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January 2015 California Job Growth. According to Employment Development Department (EDD) data released today (March 6), the number of seasonally-adjusted nonfarm payroll jobs in California grew by 67,300 in January 2015. Since January 2014, nonfarm payroll jobs in the state have increased by 3.2% (up 498,000 jobs), and since February 2010, nonfarm payrolls here have climbed by 1.8 million. In January 2015, newly updated federal data shows that the number of nonfarm payroll jobs nationwide grew by 239,000, which means that California's job growth of 67,300 during the month made up 28% of the entire U.S. total. By comparison, California's population makes up 12% of the U.S. total. In January, therefore, it was striking how much California job growth led the nation.

California Job Growth Faster Than National Trends. As shown in the summary table above, based on today's EDD data (including prior-month revisions), 14 of 18 employment sectors we trackthe ones colored greenare ones where California payroll job growth rates over the past year have surpassed those for the U.S. as a whole. (By contrast, as of last month's report, before today's revisions, only 8 of 18 employment sectors were colored green.)

Unemployment Rate Continues to Fall. The state's official unemployment rate fell to 6.9% in January 2015 (down from 7.1% in December 2014 and down from 8.1% in January 2014). (This data and that in the EDD table below are derived from a different survey than that used to determine the payroll job growth described above.)

Los Angeles County Unemployment Rate. In Los Angeles County, which makes up about one-fourth of the state's employment base, the official unemployment rate in January 2015 was 7.9% on a seasonally-adjusted basis (8.1% not adjusted). This is nine-tenths of a percentage point lower than one year ago, but still a key driver of California's statewide unemployment rate being higher than the U.S.

Seasonal Adjustments. Most of the time, when we and other economic commentators discuss jobs data, we are discussing seasonally-adjusted employment. In January, for instance, California's seasonally-adjusted number of payroll jobs grew by 67,300, the number cited earlier in this note. Seasonal adjustment is a process whereby normal seasonal changes are removed or discounted from monthly data. Retail businesses, for example, often have more employees during the December holiday season than they employ in a month like January. Accordingly, without seasonal adjustments, the numbers are quite different. Without seasonal adjustments, California nonfarm payroll employment fell by 225,800 in January (and Los Angeles County employment fell by 62,100).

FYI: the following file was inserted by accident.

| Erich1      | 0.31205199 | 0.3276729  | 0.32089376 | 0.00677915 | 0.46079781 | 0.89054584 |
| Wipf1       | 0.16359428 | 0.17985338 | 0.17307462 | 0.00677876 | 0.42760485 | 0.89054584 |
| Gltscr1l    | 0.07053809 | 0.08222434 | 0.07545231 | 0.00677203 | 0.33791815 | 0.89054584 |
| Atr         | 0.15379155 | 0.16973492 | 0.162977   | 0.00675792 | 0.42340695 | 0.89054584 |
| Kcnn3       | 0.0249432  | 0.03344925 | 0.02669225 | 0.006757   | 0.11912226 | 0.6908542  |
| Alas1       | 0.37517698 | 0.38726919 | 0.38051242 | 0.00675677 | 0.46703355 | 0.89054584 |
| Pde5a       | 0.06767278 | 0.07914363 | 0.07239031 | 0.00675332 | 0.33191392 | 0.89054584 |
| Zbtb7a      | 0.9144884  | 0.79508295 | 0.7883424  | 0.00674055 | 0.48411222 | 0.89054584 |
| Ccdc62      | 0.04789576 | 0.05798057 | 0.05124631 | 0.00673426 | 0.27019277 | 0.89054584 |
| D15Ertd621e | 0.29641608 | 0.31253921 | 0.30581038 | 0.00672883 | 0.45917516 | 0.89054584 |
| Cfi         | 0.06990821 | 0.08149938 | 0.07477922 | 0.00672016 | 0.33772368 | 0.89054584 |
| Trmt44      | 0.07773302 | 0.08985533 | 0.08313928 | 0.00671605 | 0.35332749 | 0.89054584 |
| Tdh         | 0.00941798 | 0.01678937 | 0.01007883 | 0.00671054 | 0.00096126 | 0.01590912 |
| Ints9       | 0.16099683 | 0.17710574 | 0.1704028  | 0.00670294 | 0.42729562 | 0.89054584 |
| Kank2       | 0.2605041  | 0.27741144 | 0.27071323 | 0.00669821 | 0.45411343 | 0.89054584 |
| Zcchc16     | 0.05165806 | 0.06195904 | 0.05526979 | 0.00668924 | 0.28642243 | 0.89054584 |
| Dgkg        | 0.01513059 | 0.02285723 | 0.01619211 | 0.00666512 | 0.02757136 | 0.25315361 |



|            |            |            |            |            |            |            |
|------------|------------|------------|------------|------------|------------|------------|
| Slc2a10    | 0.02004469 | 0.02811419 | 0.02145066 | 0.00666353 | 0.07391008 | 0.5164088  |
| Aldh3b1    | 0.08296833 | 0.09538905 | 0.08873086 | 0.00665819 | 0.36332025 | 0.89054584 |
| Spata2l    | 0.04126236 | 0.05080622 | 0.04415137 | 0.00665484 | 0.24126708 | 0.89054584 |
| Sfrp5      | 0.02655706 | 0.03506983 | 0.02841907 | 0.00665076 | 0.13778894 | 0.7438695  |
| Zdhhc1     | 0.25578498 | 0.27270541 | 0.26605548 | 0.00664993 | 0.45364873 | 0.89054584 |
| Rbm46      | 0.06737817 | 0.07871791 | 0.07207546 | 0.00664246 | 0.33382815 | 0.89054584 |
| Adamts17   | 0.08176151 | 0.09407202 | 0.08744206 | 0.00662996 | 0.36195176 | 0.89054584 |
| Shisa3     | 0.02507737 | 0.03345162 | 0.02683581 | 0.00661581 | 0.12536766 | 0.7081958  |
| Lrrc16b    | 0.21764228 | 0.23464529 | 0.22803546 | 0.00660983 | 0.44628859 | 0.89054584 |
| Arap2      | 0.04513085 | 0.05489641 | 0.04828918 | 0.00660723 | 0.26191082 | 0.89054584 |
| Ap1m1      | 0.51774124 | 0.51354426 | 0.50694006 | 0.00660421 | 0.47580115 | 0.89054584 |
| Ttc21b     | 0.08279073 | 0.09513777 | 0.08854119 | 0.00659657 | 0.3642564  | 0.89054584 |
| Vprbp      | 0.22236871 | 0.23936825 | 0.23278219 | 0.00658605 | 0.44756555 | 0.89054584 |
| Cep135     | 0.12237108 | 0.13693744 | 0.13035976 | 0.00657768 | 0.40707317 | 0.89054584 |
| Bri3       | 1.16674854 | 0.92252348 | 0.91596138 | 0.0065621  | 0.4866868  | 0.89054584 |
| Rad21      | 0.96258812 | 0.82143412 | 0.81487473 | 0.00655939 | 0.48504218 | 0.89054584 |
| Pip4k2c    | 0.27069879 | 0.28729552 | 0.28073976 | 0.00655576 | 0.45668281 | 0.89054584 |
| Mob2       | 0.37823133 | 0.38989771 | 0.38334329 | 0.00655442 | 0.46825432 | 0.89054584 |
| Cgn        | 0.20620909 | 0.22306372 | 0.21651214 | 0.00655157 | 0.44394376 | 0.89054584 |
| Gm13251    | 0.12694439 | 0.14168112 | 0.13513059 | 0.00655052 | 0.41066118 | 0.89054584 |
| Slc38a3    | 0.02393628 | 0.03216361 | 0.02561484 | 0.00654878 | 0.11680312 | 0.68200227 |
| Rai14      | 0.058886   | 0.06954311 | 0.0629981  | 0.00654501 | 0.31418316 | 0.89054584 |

Other January Data Delayed. EDD has announced that most local and regional labor force and industry employment data for January will be released later, starting on Tuesday, March 10. This is due to the complexity associated with the annual data benchmarking process. In conjunction with this annual revision process, January 2014 California jobs were adjusted upward by about 138,000, led by upward adjustments in the large health and leisure/hospitality sectors. In addition, the state gained an estimated 78,000 more jobs between January 2014 and December 2014 than previously estimated, with these gains focused in local government and various service sectors.   



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